Richard Ehrlich is a humanist. Not necessarily because he does two things quite well--practice medicine and make art—that are long entrenched in popular notions of celebrating humankind. It is rather because he happens to tap the actual sense of that term: an effort to understand, authenticate, communicate that which is uniquely human. This includes seeking and creating beauty, order, cohesion, while acknowledging the potential for its opposite.
This month Ehrlich is the subject of concurrent exhibitions. The images at the Laband Gallery comprise the older series and are to this reviewer the more lasting and powerful. This is not because they deal with the bleeding heart subject of the Holocaust, not at all, but by virtue of the way they recall the persistence of human order and human horror in equal parts, and in a flat footed yet aesthetically seductive fashion. Newer works at Craig Krull indicate a willingness to take risks across varied media and subjects, as well as an instinctive understanding of humanism as defined above.
Ehrlich saw an ad about a building appropriated from an old Luftwaffe bunker that was designated to hold the records meticulously kept by the Reich of Holocaust victims exterminated at the various death camps. As Germany reconciled this aspect of its history, it seemed wrong to destroy the rooms and rooms of records chronicling minute details on cards written in tight Teutonic script of, say, how many lice a former Jewish professor had in his hair when he was gassed. The idea was that family could perhaps find information, scholars could undertake research, and that in some sense the archive might stand as an anti-monument in the sense Malcolm Miles uses the term, to mean the opposite of commemoration, as a committing to collective memory.
We have all time and again seen the photographs of stacked bodies, the vacant eyes of skeletal prisoners. Because in a digital age we are inundated constantly with Photoshop-ed images of horror from locales such as Sudan and Myanmar, these shots of Nazi camps begin to feel like they do the opposite of what they intend--to record genocide—and instead somehow end up playing into the hands of Holocaust deniers.
What Ehrlich smartly did was see an opportunity to speak about this time in history from a step away. He will tell you he is not particularly drawn in any way to the Jewish cause and did not intend to proselytize (which may be one reason why these are such effective statements). In this distant positioning Ehrlich actually chronicles the completeness of the atrocity in a way that leaves one breathless. The large sepia-toned images might well be conceptual kin to the 224 photograph series of “Water Towers” by Bernd Becher and Hilla Becher--row upon row of files simply recorded from angles that sweep up and back into the distance with a quiet here-ness.
The stark storage rooms make for these rather remarkable conceptual photos that, beside everything else they do, question the very possibility of the neutral photograph, or the neutral history narrative. The images are large enough and fine enough that you are drawn in. Once there, you begin to make out small cryptic details on file labels, on documents that make evident what it is you are looking at: thousands upon thousands of names of the killed, lists of property on arrest, lists of weight on death. Further, the filing cabinets and stark walls come to us via the artist’s terrific intuition as clean Modernist grids--that zenith emblem for some universally ordered and democratically distributed world. We confront an irrefutable fact of human indecency on a proportion that the mind cannot fully grasp through the trope of distance and beauty. I venture to say there is not one survivor who would say this approach neutralizes the crime. Quite the opposite.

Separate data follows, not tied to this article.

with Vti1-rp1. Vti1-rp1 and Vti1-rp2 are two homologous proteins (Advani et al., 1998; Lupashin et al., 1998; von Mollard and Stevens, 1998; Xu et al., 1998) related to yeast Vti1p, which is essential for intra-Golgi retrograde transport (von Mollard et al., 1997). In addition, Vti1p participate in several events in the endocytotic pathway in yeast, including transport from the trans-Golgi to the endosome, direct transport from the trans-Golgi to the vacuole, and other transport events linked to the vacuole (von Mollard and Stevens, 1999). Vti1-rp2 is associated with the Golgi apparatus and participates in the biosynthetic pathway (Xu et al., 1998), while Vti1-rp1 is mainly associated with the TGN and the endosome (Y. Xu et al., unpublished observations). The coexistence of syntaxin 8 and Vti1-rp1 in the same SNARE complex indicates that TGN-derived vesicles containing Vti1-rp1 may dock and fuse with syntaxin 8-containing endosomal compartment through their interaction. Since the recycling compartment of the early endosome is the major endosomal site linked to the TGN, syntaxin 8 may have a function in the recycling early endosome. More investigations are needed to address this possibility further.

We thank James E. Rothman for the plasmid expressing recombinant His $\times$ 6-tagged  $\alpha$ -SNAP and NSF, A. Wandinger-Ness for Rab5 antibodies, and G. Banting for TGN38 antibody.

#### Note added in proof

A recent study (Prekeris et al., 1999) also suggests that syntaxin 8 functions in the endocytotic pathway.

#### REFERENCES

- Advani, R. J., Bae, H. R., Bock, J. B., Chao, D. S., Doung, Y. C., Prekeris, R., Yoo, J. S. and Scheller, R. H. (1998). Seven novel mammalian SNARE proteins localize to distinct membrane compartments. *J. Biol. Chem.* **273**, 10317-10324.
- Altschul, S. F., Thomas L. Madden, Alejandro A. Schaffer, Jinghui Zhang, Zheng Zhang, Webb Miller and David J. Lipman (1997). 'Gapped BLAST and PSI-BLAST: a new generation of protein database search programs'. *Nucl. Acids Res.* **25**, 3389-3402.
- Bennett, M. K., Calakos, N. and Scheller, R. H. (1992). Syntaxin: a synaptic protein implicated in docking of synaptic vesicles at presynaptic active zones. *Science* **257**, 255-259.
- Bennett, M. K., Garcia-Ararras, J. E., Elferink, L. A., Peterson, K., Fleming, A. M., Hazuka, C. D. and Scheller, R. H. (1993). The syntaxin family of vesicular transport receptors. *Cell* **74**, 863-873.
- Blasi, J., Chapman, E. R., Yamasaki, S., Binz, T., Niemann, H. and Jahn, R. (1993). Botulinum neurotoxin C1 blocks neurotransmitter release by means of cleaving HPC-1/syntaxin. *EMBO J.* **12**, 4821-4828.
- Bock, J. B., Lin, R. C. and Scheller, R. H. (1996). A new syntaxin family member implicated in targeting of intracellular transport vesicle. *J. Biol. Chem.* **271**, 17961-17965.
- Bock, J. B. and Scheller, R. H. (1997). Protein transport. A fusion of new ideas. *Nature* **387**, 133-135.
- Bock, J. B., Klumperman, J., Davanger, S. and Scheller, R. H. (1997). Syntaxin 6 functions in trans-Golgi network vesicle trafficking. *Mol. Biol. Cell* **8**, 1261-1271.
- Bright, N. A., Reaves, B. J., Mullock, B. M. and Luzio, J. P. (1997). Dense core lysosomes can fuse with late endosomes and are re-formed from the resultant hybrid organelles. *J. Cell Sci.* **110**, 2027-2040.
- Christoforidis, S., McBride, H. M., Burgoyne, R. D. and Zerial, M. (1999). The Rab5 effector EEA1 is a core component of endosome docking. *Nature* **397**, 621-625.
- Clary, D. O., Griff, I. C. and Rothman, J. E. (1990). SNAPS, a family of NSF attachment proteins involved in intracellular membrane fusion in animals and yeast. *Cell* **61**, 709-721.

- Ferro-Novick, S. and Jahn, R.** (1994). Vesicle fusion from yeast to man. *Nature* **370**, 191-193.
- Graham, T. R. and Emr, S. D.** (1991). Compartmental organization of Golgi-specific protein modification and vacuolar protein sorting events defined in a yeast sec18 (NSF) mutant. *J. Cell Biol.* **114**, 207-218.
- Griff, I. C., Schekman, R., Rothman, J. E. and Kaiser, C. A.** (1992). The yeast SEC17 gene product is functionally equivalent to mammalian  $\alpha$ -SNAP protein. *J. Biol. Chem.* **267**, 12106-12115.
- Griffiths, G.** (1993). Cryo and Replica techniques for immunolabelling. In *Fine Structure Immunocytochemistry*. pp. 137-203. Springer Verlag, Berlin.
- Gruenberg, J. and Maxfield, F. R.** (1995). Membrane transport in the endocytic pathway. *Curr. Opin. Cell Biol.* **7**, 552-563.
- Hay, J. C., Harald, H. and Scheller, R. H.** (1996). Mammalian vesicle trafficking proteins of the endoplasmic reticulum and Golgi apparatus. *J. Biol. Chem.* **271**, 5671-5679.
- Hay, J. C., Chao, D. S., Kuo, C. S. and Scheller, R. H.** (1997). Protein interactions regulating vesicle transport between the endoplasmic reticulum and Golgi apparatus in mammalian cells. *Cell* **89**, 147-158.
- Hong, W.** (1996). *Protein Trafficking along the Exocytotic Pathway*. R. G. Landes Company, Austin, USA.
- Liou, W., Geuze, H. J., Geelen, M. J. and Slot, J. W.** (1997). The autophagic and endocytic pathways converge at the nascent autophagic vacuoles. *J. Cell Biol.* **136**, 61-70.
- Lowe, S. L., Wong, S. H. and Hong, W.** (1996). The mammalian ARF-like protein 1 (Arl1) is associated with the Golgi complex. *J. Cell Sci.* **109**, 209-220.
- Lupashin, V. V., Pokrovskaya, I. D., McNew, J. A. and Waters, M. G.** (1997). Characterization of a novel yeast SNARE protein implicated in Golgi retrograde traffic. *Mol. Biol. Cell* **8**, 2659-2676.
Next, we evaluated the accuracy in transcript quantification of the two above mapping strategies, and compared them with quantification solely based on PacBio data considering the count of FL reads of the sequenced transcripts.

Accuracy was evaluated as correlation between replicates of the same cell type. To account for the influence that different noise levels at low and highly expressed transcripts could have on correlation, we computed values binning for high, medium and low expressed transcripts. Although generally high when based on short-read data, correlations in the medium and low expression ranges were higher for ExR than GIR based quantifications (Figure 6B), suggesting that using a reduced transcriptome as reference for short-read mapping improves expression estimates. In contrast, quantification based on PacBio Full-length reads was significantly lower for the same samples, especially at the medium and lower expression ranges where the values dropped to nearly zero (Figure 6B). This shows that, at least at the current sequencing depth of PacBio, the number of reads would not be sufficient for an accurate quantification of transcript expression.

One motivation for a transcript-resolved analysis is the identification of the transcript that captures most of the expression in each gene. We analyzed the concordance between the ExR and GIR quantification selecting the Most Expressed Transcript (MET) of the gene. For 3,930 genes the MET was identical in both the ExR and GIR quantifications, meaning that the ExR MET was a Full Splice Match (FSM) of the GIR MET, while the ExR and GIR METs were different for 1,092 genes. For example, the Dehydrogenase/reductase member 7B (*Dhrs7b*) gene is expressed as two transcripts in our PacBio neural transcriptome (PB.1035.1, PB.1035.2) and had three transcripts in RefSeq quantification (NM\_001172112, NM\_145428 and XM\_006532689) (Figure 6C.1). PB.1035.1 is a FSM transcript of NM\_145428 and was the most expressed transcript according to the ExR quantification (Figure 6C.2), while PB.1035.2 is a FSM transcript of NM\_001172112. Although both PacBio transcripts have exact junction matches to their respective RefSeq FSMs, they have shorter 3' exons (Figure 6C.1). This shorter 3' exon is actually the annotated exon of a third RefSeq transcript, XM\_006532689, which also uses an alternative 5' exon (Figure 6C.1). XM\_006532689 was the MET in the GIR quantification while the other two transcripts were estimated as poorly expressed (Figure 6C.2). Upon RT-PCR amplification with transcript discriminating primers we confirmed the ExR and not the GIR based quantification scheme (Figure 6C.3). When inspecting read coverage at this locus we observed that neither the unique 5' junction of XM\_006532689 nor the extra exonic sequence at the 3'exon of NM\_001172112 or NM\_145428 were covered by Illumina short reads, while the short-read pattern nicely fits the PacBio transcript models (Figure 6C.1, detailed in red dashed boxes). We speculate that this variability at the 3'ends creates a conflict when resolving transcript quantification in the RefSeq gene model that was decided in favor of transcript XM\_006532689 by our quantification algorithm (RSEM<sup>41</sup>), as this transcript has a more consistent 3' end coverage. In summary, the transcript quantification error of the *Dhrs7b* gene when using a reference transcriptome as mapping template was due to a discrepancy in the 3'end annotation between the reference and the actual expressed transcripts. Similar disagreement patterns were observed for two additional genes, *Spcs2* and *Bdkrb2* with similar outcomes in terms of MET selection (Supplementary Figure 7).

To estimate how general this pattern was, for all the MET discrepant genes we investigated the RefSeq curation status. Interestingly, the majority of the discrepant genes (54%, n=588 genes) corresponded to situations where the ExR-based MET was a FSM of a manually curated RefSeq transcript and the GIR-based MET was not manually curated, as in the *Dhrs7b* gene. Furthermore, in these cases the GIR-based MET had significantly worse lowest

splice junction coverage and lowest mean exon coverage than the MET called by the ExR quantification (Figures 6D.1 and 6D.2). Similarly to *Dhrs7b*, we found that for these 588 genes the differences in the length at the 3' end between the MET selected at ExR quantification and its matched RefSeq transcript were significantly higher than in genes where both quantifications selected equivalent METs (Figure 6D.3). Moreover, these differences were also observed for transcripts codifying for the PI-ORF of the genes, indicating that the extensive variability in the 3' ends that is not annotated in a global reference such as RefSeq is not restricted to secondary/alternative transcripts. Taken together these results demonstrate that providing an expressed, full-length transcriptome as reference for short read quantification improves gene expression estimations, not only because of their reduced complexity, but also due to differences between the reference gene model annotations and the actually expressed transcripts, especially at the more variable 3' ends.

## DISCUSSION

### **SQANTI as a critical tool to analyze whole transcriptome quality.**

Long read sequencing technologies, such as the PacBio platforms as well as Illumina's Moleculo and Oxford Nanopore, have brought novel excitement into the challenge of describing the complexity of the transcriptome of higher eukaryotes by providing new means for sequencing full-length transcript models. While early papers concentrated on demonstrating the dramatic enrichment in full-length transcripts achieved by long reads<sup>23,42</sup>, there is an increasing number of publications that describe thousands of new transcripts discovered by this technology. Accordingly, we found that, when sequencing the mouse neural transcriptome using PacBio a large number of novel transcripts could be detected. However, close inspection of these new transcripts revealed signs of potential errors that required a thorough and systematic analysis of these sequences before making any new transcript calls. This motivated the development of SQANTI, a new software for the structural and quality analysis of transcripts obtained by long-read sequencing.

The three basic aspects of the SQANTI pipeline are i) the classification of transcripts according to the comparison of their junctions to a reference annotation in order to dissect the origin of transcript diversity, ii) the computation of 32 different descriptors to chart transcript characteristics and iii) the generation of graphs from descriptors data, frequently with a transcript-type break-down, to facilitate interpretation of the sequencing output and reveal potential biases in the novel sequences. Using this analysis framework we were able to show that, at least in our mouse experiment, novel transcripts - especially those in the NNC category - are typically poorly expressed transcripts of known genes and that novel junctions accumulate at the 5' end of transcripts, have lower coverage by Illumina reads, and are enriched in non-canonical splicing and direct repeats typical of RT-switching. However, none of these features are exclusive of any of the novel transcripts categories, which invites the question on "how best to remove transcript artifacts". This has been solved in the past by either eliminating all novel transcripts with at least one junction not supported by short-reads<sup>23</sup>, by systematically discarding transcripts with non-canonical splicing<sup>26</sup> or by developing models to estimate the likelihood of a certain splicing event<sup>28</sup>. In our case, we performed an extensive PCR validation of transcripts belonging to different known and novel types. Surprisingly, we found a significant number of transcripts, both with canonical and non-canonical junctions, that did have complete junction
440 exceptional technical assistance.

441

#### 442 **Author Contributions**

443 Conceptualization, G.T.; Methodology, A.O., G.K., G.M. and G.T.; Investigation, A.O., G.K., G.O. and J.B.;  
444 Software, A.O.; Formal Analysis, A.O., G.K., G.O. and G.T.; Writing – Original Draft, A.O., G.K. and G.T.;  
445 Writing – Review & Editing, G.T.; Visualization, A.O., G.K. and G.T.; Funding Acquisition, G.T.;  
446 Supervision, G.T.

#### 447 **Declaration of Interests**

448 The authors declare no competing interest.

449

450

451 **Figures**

Ehrlich is a man passionate for information, remarkably well versed in the history of photography and believing that all his images should stand--or hang--in their own right. However, the mystery and frailty of the human condition is an organizing theme still rumbling in the background of the newer work at Craig Krull. Here Ehrlich “optimizes”--the artist’s term---slices of imagery taken by cutting edge MRI and CAT scan technology. At its most sophisticated, this technology is able to record up to 600 cross sections of internal organs/minute structures/designated body parts, then reconstitute these into “a chest,” “a head,” such that a physician can digitally peel back and see each layer selectively simply by keying in coordinates. It is how Ehrlich selects these views that makes for the art. Details like the tangled coil of the aorta, or the vascular system feeding the deepest recesses of the brain, float in images which at their best are luminous and beautiful, and offer the merest suggestion of human anatomy, yet convey a sort of incandescent and insistent life force.
The more subtle the images, the more powerful the impact. The very literal outlines of the cranial skull hovering in this sort of isotopic, radioactive hue can look a bit like super excellent skateboard design. It is shocking to see that these amorphous structures inside all of us are so very striking--in the Kantian sense of that which, separate from logic, understanding, function duty can elicit that “ahhhhhh” of pure visual pleasure. The eventual realization that what we are viewing aesthetically is in fact no more than our plumbing, that it is working or failing us for the duration of our four score years, and that these “shapes” are responsible for sight, touch, pleasure, breath, pain and death only deepens the experience.
Published courtesy of ArtScene ©2009